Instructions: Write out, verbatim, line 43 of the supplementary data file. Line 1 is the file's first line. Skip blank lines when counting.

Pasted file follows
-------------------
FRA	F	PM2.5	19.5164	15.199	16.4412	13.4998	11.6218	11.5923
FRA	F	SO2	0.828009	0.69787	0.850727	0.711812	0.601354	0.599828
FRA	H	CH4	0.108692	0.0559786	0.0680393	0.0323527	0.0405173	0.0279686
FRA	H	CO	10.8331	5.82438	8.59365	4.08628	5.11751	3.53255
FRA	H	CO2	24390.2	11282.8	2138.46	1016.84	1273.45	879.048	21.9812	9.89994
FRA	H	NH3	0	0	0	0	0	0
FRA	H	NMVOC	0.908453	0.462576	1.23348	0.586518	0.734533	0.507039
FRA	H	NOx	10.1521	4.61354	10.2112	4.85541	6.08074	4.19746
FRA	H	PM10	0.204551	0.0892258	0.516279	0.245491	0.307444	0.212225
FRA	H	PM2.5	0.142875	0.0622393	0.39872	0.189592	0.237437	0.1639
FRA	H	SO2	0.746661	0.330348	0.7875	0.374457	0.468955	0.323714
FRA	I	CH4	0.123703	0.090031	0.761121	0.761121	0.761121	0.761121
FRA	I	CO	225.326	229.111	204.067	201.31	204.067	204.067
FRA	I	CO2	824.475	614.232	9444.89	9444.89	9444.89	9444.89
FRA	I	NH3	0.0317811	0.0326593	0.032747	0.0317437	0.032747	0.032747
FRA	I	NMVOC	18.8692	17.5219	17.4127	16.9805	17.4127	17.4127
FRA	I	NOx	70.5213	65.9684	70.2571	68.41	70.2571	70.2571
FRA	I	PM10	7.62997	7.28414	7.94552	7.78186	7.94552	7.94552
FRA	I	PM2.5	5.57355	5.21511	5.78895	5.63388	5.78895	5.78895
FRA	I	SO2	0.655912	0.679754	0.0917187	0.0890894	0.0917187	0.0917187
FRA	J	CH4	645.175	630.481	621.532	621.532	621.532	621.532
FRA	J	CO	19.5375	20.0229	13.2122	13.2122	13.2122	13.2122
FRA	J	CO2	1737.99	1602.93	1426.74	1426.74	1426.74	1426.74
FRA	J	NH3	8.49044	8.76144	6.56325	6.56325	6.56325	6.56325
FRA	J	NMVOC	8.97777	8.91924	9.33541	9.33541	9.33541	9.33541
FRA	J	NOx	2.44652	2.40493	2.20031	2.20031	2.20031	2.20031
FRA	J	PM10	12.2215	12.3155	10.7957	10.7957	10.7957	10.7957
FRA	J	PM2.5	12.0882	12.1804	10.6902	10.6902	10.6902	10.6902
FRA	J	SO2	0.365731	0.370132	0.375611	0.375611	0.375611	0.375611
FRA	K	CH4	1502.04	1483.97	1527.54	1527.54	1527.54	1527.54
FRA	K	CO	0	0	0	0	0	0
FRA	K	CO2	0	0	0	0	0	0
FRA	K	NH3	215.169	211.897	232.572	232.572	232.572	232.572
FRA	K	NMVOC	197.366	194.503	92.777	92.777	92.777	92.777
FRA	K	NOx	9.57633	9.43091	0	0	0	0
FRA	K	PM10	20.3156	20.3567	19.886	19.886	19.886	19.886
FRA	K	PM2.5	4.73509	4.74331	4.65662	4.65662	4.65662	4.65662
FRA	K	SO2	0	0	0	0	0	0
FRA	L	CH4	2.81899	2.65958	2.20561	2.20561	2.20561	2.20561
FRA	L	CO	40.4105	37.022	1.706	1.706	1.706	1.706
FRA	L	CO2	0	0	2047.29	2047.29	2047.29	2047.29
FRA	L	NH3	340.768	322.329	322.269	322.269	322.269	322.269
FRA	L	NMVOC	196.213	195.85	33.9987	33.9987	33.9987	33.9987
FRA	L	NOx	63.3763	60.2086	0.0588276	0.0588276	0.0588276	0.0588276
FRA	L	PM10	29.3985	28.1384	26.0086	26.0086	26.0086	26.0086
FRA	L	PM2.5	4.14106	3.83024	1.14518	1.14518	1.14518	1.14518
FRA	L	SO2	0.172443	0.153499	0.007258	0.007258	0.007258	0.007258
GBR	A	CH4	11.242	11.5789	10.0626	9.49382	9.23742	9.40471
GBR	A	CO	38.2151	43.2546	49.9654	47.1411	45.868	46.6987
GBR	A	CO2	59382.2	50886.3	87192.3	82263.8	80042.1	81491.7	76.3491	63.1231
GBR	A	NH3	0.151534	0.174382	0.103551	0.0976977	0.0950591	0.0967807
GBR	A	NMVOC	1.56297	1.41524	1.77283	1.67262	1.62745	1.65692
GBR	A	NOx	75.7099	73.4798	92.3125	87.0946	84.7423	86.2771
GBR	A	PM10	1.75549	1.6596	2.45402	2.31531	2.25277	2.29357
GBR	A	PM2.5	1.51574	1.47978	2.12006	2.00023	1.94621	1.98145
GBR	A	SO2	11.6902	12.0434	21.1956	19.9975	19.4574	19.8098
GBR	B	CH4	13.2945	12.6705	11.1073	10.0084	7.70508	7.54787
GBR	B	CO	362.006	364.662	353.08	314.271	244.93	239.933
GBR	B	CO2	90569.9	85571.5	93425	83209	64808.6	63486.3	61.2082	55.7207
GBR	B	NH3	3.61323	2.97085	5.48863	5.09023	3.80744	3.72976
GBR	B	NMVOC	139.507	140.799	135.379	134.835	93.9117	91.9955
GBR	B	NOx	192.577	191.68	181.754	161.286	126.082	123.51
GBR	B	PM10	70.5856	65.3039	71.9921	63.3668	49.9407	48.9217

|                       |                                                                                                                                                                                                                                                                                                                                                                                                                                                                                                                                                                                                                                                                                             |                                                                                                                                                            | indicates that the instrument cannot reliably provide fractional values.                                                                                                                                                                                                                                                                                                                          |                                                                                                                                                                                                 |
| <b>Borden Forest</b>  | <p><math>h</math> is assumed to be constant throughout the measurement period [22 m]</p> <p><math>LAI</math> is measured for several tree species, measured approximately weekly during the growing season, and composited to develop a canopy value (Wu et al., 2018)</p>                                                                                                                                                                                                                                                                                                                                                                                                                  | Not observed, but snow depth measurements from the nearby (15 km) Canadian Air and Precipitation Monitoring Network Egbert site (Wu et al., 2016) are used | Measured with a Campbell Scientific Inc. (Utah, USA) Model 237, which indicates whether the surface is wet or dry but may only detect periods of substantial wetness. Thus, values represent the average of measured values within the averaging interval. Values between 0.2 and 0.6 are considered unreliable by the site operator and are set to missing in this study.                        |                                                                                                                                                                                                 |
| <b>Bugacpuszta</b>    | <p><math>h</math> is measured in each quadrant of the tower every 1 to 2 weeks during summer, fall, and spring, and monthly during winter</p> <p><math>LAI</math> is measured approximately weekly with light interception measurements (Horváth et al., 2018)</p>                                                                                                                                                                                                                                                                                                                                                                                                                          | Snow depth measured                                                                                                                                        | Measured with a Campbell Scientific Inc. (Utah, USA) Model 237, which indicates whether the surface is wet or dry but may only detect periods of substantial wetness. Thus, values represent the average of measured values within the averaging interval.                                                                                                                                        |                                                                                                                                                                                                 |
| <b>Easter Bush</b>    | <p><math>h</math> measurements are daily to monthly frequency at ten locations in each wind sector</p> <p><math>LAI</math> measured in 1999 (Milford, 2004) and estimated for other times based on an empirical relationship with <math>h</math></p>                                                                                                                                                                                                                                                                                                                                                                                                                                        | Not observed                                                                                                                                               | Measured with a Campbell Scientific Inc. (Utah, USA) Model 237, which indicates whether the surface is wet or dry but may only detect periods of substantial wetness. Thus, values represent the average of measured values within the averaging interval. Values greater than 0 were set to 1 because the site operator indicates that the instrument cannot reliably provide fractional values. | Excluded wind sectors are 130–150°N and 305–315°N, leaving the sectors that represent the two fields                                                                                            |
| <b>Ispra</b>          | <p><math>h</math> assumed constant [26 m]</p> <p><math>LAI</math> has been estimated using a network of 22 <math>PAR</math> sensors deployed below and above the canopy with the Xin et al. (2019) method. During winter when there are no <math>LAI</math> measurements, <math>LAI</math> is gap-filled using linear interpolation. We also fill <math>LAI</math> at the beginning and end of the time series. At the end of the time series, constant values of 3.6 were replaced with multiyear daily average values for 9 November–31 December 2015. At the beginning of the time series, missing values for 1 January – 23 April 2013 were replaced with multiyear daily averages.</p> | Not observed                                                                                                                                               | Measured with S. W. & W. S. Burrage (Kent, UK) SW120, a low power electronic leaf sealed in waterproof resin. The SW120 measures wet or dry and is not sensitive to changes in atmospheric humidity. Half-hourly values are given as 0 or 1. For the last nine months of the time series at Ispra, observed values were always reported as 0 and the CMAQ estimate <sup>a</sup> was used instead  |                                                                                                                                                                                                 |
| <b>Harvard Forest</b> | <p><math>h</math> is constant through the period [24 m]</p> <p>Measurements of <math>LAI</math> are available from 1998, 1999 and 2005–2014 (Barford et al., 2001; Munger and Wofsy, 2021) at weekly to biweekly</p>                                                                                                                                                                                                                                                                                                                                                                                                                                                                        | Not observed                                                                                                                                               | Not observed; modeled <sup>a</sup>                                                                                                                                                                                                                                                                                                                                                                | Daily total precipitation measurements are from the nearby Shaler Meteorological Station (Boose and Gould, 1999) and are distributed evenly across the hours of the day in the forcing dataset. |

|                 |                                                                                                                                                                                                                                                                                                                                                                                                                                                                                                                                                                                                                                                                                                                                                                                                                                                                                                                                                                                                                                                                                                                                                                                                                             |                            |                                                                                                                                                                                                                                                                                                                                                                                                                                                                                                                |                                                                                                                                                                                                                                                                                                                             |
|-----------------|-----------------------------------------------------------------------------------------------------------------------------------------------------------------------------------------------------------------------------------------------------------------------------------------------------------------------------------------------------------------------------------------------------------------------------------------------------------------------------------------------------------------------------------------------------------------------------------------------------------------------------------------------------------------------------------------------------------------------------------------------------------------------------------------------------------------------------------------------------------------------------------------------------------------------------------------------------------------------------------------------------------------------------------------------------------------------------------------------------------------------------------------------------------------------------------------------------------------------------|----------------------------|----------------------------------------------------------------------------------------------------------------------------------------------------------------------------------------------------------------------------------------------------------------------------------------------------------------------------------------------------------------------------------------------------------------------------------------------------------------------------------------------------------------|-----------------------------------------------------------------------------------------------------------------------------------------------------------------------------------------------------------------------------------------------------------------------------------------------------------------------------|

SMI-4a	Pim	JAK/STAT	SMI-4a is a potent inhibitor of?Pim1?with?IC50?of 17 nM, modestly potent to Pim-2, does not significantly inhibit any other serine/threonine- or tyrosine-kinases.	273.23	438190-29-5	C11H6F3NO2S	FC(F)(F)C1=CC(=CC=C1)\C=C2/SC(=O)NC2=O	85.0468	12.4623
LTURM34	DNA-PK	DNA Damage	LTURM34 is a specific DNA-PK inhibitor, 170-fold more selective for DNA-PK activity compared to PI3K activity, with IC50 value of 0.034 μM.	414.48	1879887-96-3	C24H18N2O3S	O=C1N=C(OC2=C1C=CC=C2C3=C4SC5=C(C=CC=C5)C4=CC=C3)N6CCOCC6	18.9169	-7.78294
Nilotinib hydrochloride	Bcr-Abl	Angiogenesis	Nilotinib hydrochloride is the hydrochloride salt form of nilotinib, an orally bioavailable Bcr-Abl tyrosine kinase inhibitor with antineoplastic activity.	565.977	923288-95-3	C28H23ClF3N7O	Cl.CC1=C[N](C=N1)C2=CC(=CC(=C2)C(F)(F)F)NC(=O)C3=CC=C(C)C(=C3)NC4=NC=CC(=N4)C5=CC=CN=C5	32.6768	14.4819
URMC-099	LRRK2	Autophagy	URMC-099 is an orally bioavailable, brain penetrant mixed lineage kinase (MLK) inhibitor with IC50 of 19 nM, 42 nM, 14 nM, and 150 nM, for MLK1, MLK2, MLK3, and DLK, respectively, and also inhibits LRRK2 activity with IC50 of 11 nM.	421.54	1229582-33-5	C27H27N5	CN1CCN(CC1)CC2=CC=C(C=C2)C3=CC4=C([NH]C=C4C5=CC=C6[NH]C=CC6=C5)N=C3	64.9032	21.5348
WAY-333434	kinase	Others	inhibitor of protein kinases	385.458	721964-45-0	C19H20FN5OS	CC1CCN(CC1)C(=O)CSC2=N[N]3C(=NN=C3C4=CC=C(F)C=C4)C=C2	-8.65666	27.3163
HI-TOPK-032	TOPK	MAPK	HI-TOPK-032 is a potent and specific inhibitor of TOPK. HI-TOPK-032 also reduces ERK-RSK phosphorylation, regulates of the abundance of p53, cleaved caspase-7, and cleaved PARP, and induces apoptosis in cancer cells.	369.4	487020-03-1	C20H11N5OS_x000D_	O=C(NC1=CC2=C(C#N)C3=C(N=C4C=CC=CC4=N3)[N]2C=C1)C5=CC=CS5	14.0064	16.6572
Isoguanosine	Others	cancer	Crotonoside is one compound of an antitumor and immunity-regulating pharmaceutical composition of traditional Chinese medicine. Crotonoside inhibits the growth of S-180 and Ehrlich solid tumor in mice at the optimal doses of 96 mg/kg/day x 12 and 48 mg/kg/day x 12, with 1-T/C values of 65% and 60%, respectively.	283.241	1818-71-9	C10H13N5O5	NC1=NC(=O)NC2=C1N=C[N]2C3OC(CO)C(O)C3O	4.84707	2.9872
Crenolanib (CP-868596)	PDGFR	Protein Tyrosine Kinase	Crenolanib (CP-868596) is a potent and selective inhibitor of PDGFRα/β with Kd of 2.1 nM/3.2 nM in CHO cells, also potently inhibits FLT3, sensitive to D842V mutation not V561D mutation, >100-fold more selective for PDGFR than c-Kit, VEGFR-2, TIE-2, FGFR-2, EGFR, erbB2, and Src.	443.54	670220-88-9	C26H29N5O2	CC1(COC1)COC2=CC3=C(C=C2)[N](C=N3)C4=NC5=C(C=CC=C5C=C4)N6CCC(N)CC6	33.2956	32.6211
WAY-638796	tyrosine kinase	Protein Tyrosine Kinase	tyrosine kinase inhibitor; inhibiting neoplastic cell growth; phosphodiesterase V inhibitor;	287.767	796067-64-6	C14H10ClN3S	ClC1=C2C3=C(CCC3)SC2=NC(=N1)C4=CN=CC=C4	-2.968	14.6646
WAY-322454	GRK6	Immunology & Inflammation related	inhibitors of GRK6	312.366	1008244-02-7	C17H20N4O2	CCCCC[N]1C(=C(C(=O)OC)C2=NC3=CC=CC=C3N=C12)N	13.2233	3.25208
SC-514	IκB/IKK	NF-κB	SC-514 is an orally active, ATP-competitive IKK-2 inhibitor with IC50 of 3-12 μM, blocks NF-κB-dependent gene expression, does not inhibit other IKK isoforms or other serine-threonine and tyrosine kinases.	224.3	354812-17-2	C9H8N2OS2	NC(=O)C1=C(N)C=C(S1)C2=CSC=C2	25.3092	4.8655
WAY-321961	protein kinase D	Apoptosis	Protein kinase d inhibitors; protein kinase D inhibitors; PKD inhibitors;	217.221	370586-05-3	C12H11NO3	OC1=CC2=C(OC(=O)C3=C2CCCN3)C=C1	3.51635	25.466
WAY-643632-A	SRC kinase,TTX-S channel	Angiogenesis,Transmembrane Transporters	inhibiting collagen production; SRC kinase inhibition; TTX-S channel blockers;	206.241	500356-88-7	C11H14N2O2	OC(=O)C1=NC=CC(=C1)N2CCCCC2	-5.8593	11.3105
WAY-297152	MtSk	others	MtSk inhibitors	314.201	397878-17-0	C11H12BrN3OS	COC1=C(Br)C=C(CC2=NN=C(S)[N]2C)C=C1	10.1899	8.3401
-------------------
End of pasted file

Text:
FRA	L	NMVOC	196.213	195.85	33.9987	33.9987	33.9987	33.9987